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Google is unveiling a new feature of the Google Cloud Platform that looks to protect virtual machines (VMs) from rootkit installations or any kind of persistent malware. This new feature is called "Shielded VMs" and rolling out in beta now.
The way it works is that a cryptographically protected baseline is created of the original VM image. The encryption keys are stored using a combination of Secure Boot and vTPM (Trusted Platform Module). These ensure that the VM only runs software that's been verified and compares new instances of the VM to previous baselines to ensure the VM hasn't been tampered with. This also prevents "snap-shot" attacks that try to duplicate VMs in order to steal the data.
Chris Vickery, the director of cyber risk research at security firm Upguard, spoke with Ars Technica about the how human errors and misconfiguration can leave systems vulnerable:
"A more common situation would be that someone left AWS credentials in a Github repo that was exposed to the public and forgot to limit the permissions on the credentials in the first place." Once an attacker gains those credentials, they could snapshot the virtual machines "and then migrate the snapshots over to an account owned by [the attacker] for pilfering".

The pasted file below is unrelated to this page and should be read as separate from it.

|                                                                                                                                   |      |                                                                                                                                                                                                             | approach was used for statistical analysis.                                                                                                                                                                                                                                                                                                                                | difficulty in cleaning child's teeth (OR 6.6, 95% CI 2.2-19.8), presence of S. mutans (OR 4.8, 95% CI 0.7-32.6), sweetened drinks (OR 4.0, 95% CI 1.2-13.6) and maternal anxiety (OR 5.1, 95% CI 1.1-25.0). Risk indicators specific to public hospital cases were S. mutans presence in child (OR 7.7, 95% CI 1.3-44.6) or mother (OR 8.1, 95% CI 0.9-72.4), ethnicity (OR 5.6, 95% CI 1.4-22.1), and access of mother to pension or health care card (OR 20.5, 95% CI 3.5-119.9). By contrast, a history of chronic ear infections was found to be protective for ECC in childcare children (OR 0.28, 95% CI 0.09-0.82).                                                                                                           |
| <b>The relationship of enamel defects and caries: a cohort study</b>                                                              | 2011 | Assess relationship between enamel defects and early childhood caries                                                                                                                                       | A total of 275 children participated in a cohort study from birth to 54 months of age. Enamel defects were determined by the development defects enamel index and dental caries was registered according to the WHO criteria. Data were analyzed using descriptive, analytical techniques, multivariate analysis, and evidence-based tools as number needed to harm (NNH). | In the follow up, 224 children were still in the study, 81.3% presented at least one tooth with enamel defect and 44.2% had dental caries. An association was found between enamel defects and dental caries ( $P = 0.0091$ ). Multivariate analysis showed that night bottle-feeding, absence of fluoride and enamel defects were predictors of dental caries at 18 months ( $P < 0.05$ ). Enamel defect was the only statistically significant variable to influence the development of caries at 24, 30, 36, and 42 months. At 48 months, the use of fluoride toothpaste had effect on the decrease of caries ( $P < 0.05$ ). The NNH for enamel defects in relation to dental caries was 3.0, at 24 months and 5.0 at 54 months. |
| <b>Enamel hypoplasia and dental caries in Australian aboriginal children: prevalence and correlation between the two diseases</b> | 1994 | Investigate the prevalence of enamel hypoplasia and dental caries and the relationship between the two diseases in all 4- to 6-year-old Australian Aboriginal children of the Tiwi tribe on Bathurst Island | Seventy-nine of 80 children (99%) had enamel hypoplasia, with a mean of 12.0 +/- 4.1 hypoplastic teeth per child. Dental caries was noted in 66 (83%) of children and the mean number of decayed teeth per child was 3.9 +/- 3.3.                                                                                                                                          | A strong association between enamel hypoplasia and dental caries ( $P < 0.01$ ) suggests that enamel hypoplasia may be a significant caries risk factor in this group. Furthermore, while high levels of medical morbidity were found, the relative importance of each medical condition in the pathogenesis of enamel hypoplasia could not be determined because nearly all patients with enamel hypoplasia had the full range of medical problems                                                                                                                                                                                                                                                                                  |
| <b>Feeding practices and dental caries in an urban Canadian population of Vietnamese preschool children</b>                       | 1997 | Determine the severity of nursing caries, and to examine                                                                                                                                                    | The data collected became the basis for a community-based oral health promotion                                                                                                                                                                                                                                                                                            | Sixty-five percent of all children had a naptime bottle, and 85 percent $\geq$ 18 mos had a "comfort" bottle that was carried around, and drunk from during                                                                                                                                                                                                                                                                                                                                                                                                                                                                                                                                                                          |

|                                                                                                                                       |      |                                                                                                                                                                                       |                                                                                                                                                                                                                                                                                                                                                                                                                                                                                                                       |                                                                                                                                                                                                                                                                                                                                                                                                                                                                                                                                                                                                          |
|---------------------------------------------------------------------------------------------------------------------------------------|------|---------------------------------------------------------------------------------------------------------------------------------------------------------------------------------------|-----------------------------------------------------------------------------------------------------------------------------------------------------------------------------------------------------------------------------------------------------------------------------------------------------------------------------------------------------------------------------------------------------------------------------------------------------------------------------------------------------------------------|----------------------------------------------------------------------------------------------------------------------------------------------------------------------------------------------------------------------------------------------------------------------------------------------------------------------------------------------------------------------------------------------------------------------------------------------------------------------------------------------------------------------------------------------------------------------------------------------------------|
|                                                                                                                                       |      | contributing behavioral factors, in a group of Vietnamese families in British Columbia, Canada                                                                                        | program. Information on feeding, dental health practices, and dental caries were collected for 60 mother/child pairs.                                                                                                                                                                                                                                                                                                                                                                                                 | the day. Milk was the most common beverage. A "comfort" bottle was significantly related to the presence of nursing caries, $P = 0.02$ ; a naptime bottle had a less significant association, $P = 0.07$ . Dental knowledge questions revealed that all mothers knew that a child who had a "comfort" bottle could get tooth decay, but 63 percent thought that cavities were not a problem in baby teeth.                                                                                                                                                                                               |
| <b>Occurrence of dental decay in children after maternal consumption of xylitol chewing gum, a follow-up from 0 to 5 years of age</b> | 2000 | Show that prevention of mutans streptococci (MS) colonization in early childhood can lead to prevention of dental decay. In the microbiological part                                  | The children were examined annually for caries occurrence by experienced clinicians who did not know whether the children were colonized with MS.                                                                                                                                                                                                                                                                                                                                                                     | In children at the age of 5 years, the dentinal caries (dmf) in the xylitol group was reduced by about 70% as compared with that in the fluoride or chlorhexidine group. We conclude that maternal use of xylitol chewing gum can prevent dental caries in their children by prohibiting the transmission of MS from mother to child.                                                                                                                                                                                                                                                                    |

Apparently, Russian hackers were able to penetrate the DNC cloud servers by gaining access to a virtual machine by spear phishing administrative credentials to the VM and saving snapshots to clone elsewhere. From there, they could extract the analytics data from the virtual machine.
In addition to Shielded VMs, Google is also rolling out a feature called Binary Authorization which protects the integrity of the container environment itself. This forces signature verification of images before they're deployed. This is combined with Google's container registry vulnerability scanning that adds more security validation before environments are deployed.